What does Putu expect?

A ray of sunshine. We bump into Putu and rent a scooter. IRP 7.5m for the month. £43. Less than £1.50 per day. We ask about first, we know what we should pay and we aren’t ready to be ripped off. He wants more but we’re clued up.

Fast forward a month and three days. The scooter has been nicked. We’d left it by the steps outside and it’s gone. Bastard. We’ve got to face the music with Putu. Sorry mate. There’s an excess to pay and we’re gutted.

WhatsApp call:

“Hi, Peter!”

“Putu. I’m very sorry but the scooter has been stolen.”

“Yes, I took it back. It’s late.”

“Thank Krishna.”

Fifteen minutes later, Putu arrives back at the steps. He’s nothing but lovely about it. We pay for the overdue days and extend the hire. Again, sorry mate.

Just breaking five feet, selectively-toothed, and pony-tailed, he’s easily recognisable. Burdened with a crippling shuffle, Putu smiles, hugs, high-fives and works hard, through obvious discomfort. At 45 he’s no chicken but there’s a wonky spring in his step. A softness in his eyes. Gateways to his humanity. He’s easy to connect with. Generous. Forgiving. Kind.

Finally, and this time promptly, I return the bike again today. Putu and I make time for breakfast together. Mushroom and tempeh on rice-toast for me, the fad-man. Putu takes nasi goreng: a traditionalist.

“I just eat bread and rice.” He says.

Over breakfast, Putu speaks. He lives with his brother and his sister-in-law. His brother has two daughters and a son. Uncle Putu! Un-married, Putu shares their house. Together, Putu and his brother not only rent scooters to tourists, they also maintain push-bikes and rent them as part of tour-packages to visit landmarks, like Mount Agung. It’s still not blown btw.

Putu’s parents are in their seventies and live in the North of Bali, close to his sister. He also has another brother somewhere else. There’s some unease around this sibling, so I leave it.

He moved from the North to Ubud in 2001, initially selling tickets for volcano visits and waterfall outings. Saving his IRP, he manages to lease his first scooter-for-hire in 2005. Twelve years later, he now sub-lets five scooters. The credit arrangement means he’ll never own the scooters.

He’s not been off Bali. He can’t afford a holiday. I immediately feel guilty for screwing him down to £1.50 per day for the scooter. I feel worse for not turning up on time to return the scooter in the first place. Here’s a man fearing for 20% of his livelihood and I was just being lapse. I’d made a selfish assumption that this man had loads of scooters and this sort of stuff happens all the time. I’m shamed.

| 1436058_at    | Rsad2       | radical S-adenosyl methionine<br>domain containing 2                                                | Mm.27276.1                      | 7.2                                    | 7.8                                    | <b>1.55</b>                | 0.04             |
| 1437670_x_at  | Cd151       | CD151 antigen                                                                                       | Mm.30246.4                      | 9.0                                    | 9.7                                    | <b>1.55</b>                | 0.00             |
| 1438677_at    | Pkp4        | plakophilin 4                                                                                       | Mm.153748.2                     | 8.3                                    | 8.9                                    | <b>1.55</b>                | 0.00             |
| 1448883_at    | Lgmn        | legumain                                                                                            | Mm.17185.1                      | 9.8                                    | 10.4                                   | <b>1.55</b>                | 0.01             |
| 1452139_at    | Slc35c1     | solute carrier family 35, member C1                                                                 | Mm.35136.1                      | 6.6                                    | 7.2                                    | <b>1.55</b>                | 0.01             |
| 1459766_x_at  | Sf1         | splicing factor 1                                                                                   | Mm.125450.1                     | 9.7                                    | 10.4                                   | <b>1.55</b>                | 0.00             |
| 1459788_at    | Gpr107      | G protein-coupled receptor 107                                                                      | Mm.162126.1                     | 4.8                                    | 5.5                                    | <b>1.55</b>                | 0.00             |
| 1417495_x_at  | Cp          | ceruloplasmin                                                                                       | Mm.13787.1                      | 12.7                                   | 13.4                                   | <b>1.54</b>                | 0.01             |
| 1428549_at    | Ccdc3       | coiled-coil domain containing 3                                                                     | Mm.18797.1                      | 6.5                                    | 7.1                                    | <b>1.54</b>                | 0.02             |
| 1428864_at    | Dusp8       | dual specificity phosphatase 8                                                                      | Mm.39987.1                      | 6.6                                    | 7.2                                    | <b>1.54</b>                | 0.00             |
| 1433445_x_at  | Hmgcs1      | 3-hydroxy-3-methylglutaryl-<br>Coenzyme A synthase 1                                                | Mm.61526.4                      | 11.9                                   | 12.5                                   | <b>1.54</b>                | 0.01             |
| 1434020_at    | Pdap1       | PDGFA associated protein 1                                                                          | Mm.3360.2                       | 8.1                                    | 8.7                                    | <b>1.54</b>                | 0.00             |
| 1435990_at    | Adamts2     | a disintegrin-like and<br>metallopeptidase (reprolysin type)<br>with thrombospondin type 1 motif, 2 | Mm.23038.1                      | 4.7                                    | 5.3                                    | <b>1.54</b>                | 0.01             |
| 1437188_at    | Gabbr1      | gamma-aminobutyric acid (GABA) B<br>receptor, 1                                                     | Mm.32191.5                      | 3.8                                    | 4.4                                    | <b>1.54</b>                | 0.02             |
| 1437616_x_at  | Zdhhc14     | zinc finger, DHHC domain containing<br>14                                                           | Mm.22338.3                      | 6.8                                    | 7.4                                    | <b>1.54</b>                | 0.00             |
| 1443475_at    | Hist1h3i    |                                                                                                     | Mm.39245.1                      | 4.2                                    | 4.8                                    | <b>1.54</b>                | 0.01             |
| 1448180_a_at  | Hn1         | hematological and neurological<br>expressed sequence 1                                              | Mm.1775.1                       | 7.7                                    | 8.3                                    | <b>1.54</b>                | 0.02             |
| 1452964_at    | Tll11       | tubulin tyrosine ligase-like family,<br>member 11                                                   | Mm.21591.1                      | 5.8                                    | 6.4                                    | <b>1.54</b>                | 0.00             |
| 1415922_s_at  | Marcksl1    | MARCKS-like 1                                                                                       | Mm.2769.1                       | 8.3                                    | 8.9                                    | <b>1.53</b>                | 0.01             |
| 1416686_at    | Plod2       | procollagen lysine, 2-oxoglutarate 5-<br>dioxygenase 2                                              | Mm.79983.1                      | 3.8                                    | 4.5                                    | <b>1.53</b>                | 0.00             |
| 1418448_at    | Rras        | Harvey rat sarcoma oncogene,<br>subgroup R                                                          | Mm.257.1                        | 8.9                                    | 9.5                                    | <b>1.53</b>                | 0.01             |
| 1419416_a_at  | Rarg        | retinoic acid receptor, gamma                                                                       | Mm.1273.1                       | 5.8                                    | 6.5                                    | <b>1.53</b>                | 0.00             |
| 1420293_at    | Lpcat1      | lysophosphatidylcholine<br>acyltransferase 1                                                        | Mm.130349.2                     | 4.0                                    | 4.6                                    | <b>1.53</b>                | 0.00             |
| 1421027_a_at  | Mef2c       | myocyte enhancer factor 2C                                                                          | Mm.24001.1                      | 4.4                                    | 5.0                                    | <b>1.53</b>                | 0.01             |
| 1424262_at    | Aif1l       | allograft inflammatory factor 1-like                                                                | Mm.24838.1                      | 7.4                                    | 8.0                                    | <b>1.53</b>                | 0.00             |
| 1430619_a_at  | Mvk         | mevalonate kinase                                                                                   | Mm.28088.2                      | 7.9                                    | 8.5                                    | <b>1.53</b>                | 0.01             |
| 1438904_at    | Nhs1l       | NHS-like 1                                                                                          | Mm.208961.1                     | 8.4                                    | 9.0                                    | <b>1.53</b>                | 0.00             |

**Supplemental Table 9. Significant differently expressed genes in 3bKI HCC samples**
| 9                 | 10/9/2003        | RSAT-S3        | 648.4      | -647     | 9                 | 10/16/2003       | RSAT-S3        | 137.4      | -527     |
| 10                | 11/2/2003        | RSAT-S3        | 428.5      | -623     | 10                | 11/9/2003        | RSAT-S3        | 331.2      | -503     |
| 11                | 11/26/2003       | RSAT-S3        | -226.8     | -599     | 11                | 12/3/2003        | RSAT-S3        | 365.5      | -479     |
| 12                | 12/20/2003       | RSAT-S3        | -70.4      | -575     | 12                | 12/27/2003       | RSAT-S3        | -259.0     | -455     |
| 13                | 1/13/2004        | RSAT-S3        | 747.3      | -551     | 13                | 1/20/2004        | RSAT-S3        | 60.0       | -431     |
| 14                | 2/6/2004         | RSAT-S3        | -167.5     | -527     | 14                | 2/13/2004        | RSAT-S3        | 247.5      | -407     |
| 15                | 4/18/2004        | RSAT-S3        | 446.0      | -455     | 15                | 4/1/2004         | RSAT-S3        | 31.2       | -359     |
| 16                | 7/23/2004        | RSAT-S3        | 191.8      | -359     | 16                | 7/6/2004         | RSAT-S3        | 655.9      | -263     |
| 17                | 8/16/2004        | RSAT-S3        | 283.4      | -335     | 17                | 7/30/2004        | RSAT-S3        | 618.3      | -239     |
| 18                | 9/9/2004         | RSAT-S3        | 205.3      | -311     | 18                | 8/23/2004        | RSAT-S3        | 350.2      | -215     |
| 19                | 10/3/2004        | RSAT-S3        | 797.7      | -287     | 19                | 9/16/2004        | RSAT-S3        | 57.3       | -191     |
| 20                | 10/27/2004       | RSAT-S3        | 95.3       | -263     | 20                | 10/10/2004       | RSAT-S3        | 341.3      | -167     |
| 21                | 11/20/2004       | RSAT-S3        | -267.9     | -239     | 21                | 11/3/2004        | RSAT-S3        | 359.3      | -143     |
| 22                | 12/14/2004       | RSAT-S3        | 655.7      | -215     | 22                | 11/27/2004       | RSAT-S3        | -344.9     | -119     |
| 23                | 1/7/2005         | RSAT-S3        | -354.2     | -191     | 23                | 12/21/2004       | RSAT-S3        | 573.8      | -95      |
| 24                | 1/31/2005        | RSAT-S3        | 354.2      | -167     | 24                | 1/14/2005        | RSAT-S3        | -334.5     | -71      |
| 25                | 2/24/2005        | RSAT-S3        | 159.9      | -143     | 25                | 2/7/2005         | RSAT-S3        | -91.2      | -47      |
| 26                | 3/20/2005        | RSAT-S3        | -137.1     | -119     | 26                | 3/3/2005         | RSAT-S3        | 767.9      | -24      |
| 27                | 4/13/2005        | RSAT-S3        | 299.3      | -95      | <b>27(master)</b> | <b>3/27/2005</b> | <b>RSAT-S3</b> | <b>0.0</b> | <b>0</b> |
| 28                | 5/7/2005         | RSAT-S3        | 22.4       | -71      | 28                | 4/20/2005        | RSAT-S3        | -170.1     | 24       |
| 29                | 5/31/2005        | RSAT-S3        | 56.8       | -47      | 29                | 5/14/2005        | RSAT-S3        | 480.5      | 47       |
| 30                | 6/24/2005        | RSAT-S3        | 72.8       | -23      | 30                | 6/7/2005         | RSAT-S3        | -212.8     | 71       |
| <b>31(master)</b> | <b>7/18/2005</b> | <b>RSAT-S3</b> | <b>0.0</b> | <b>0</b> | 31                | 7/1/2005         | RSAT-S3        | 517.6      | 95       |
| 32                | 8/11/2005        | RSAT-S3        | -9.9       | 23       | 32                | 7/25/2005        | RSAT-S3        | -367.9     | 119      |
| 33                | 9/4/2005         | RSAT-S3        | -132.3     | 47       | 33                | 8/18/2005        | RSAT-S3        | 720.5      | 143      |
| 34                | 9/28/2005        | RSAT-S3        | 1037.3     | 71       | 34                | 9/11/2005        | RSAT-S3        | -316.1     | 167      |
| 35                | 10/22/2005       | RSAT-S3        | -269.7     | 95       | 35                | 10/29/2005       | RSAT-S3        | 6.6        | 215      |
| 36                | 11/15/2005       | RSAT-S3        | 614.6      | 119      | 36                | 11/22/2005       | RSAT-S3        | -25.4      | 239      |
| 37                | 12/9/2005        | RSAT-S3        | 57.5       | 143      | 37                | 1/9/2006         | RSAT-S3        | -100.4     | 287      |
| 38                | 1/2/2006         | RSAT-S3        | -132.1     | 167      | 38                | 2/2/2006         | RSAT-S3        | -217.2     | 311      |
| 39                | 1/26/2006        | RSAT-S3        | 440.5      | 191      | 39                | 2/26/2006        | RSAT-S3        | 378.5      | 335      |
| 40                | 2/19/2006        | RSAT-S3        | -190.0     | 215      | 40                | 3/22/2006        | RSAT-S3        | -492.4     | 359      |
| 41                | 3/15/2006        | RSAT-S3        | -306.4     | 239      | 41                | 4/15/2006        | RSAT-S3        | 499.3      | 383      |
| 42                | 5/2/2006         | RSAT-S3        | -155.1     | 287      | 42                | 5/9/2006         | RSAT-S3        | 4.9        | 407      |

Recently, a tourist rented a scooter from Putu and just fucked off to Java on it. The bell-end left it there and exited Java by boat. Putu was forced to arrange for the scooter to be collected from Java and delivered back to him. At his own cost. The tourist wouldn’t cough up a dime. I wonder how many scooters Putu had to rent-out to cover that?

In 2005, Putu is racing back to base on a scooter.

A car pulls out on him.

Lights out.

His parents wait at his hospital bed.

He won’t survive, they say.

A split head. Unconscious. Compound fractures of both legs and one arm snapped. On waking, the hospital has stemmed the bleeding but the bones haven’t been re-set. The operations cost IRP 25million. £1400. Without payment the hospital are unwilling to repair him. There’s no money. Putu’s parents take him home with mangled bones. “They are happy I’m alive.”

For six months, Putu is massaged by a family friend. It’s the best they can do. Over the course of his home-therapy, his bones are excruciatingly worked to form. Six months later, and with no feeling in his legs, Putu begins to re-train himself to walk on crutches. The long road to recovery.

“When it’s cold I have some pain.” He says. No complaint. “I’ve told my parents not to work. They are old. I look after them now.” He visits them once a month with money from his scooters and pricks like me and that Java-bell-end mess him around. But still he smiles. A true inspiration.

Travelling Asia puts us in contact with people who shame our ignorance and sense of entitlement. Putu doesn’t expect anything but to look after his parents and help his brother. When I come back to Bali in January, Putu can have the price he asks for the scooter.


Thanks for reading
Pete

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